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The strange death of the government’s anti-Protocol Bill

First it was there, and then it was not.

The government confirmed last month that it would bring forward a Bill in the new session of parliament enabling it to override parts of the Northern Ireland Protocol.

The Financial Times broke the story two weeks ago that the Bill would give ministers ‘sweeping powers to tear up the post-Brexit deal governing trade in Northern Ireland, risking a fresh confrontation with Brussels.’

Leader of the House of Commons, Jacob Rees-Mogg, the minister in charge of the government’s legislative programme, subsequently told the House of Commons EU Scrutiny Committee that Boris Johnson only agreed to the Protocol ‘on the basis that it would be reformed.’

He added: ‘And there comes a point at which you say: “Well, you haven’t reformed it and therefore we are reforming it ourselves.”’

Lord Frost, the cabinet’s erstwhile Brexit negotiator, last week told the right-wing Policy Exchange think tank that it was ‘entirely reasonable’ for the government to act ‘unilaterally’ to override key aspects of the Protocol.

So, the story was briefed out, reported on, and widely discussed in the media.

And then last night, out of the blue, the idea was dropped.

Secretary of State Brandon Lewis told ITV’s Robert Peston: ‘Our focus is on resolving the issues with the Protocol, ideally we want to do that by agreement with the European Union,’ he said – emollience personified.

While not ruling out taking ‘further steps, if necessary,’ it was still a massive U-turn and there will be no such Bill unveiled in next week’s Queen’s Speech.

What is fascinating – genuinely puzzling – is not that the government has changed tack.

It was a big intervention to make in the first place and one not unhelpful to Jeffrey Donaldson, so to drop it straight before election day was a punch in the solar plexus for the DUP.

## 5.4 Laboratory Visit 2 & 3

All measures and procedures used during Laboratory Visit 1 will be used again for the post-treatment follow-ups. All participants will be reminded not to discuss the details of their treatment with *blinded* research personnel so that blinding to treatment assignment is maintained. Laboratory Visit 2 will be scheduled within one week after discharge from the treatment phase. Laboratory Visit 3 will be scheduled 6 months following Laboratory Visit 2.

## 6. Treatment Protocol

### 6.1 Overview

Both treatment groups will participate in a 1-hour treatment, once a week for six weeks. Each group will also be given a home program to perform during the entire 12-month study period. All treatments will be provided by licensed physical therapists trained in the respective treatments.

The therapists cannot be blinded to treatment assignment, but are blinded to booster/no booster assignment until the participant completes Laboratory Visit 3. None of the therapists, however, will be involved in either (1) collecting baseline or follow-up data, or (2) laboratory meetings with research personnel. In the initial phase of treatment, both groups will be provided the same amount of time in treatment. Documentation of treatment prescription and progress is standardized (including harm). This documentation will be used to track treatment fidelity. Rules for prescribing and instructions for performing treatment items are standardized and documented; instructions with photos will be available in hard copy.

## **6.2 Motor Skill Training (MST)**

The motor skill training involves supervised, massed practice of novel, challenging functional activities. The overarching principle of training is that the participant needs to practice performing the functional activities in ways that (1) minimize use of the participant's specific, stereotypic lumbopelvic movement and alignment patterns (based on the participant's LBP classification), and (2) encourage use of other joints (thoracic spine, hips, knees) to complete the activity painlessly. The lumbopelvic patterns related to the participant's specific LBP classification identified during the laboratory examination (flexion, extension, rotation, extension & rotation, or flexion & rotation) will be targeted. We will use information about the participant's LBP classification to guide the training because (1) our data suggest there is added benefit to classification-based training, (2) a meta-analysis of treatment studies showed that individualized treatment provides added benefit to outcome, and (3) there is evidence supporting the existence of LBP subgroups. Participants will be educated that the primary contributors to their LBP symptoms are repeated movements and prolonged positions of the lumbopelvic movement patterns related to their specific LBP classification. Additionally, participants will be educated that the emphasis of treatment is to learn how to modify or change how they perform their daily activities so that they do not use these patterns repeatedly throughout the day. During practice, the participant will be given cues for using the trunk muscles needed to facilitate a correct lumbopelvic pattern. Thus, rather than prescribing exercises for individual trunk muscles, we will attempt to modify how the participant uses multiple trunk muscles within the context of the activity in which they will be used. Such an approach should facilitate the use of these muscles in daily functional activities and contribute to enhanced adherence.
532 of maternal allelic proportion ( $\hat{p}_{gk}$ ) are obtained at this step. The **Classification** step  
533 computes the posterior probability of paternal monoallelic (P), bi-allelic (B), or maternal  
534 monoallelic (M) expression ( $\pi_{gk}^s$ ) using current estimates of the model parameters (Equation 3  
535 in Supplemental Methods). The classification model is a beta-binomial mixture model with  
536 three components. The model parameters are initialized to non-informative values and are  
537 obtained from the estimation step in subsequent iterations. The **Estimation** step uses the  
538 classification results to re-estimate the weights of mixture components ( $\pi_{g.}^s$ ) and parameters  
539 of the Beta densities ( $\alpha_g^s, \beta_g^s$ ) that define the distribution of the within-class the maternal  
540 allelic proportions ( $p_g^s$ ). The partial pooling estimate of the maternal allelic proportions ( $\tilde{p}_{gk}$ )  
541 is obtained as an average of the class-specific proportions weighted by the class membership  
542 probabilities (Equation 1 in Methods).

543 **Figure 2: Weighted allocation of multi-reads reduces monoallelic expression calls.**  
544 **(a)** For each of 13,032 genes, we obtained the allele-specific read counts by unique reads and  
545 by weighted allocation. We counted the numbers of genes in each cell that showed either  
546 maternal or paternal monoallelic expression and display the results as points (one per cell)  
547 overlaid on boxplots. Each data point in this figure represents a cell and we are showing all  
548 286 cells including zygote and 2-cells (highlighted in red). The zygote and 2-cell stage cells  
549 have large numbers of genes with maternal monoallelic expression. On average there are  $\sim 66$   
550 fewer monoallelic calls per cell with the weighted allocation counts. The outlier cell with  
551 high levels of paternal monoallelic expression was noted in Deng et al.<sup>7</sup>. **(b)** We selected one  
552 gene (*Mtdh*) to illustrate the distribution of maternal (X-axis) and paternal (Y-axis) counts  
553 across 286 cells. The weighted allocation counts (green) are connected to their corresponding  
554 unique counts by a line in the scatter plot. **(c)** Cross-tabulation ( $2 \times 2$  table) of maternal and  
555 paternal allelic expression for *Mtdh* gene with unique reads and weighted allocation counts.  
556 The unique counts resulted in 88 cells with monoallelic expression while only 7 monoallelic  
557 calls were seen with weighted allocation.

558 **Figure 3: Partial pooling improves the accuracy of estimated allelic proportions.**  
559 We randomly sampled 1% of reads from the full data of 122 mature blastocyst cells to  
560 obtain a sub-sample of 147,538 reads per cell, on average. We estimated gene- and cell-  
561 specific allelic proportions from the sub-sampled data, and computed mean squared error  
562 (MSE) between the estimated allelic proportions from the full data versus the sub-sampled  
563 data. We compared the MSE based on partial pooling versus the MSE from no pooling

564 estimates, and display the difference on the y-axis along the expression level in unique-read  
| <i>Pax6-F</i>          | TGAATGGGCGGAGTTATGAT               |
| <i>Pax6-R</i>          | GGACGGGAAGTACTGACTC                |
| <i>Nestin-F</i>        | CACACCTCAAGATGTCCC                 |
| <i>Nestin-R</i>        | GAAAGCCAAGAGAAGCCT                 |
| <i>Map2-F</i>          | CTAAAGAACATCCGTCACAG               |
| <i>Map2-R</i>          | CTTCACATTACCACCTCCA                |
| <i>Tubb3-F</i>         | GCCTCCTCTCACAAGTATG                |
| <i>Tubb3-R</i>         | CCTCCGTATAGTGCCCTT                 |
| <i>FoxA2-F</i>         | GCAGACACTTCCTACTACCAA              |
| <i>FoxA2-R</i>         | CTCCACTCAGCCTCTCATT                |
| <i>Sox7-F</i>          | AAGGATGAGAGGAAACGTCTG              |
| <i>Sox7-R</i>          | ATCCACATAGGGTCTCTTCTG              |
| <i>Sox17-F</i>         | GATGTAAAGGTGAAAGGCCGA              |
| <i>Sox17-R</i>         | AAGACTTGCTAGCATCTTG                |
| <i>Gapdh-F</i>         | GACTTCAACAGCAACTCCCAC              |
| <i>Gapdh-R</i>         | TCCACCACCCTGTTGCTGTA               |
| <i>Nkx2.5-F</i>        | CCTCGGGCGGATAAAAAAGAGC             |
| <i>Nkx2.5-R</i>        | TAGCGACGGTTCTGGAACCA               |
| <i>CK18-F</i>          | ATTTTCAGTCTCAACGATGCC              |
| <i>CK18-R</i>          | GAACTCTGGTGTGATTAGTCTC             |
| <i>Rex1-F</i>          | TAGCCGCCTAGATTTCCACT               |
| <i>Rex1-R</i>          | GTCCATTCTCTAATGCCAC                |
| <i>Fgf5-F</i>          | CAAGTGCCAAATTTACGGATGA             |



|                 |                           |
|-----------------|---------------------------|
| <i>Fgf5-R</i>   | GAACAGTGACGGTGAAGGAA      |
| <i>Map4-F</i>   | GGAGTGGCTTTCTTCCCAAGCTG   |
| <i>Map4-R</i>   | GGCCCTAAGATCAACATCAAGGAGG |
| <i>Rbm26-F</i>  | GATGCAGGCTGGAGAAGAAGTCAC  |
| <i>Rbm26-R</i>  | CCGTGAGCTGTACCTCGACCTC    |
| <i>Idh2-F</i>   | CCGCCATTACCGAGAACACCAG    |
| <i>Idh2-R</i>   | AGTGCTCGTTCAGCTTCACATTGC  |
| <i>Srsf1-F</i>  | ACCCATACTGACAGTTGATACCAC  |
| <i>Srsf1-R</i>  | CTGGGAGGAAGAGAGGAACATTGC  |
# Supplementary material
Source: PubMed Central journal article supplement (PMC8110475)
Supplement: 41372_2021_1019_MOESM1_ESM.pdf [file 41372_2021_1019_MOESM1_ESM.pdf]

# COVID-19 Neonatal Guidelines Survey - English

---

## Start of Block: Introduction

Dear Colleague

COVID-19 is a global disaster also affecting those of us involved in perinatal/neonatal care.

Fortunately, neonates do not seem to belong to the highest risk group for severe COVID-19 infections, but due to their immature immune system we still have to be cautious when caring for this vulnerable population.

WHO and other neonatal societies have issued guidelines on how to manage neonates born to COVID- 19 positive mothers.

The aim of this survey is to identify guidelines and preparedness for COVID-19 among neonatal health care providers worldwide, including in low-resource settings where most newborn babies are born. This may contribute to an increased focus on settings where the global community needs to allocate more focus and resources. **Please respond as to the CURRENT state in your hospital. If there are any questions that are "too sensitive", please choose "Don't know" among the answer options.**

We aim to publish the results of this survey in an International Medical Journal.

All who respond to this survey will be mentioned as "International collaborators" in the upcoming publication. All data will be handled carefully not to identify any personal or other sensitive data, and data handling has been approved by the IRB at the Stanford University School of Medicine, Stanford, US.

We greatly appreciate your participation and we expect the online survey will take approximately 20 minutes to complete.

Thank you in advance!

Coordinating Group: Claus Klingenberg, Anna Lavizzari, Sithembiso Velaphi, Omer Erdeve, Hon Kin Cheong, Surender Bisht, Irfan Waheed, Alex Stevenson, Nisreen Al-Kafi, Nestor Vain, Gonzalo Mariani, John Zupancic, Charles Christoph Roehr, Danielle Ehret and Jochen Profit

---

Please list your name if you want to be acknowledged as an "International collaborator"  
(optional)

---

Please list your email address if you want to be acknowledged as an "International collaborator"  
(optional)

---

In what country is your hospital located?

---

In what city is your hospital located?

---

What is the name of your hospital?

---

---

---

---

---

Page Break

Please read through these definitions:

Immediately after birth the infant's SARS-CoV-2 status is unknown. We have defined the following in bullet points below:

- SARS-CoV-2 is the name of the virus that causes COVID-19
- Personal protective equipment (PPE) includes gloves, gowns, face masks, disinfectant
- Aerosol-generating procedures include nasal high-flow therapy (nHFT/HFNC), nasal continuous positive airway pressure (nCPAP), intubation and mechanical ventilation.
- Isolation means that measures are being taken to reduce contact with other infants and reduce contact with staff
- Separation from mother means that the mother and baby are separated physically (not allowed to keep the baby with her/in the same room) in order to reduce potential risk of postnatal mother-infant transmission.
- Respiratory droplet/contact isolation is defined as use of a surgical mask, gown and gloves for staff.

They still like to portray themselves as having vestigial influence with the Conservatives at Westminster, but in reality, they are led up the garden path every time.

DUP. More like Dupe.

Never one to waste a good betrayal, TUV leader Jim Allister wasted no time this morning, telling the Belfast Telegraph:

‘If the government is resiling again from action, then it underscores the need for unionist voters to respond strongly at the polls on Thursday and to reject the iniquitous protocol by voting TUV — No Sea Border.’

Why did the government leave the DUP swinging – again – and what is really going on?

Over in The Spectator, their well-connected political editor, James Forsyth, reckons that ministers are still working on a strategy to take unilateral action. They will argue that the Protocol row is poisoning the political system and that they – perversely – are defending the Good Friday Agreement:

‘There is no power sharing, no north-south ministerial collaboration, and the protocol disrupts east-west relations. The government argues that the common factor in all this is the protocol, though EU officials respond that the real root of the problem is Brexit,’ he writes.

Meanwhile, Emmanuel Macron – the most stringent European leader when it comes to enforcing the Brexit deal that Boris Johnson freely entered into – has not even bothered to phone him following his re-election as French President.

It would not surprise me if the EU, scrupulously keen to avoid saying or doing anything that would spur on anti-Protocol sentiment in the elections, has privately warned the British Government that enough now really is enough and that any pre-emptive move, outside of formal negotiations, will see with full retaliatory measures.

Indeed, the ever-impressive RTe Europe editor, has a thread along these lines:

‘It’s understood that EU member states have been informed that the European Commission will “use the remedies at its disposal in order to uphold the full implementation of the Protocol.”’

Diplomatically put, but in his Speccy piece, Forsyth spells out what that might entail:

‘The various legal cases against the UK for not enforcing the protocol, which are paused at present, would be resumed. It would also spell the end of UK attempts to join Horizon, the EU’s scientific research programme. If the bill became law, then the ‘nuclear option’ of ‘actively targeting British products’ would come into play.’

We are also heading into US mid-term election territory where the influence of the Irish American lobby will be keenly felt. Again, Boris Johnson is, in his favoured Latin, persona non grata.

The consequence of playing fast and loose are starting to catch up with our freewheeling PM, who might be realising that the cost/benefit of falling out with the EU and Americans at the same time is not worth the bother of pleasing the DUP and anti-Protocol ultras.

Despite the incessant sabre-ratting over the issue, is Boris Johnson starting to realise that he has brought a knife to a gunfight?

Kevin Meagher is author of ‘A United Ireland: Why Unification is Inevitable and How it Will Come About.’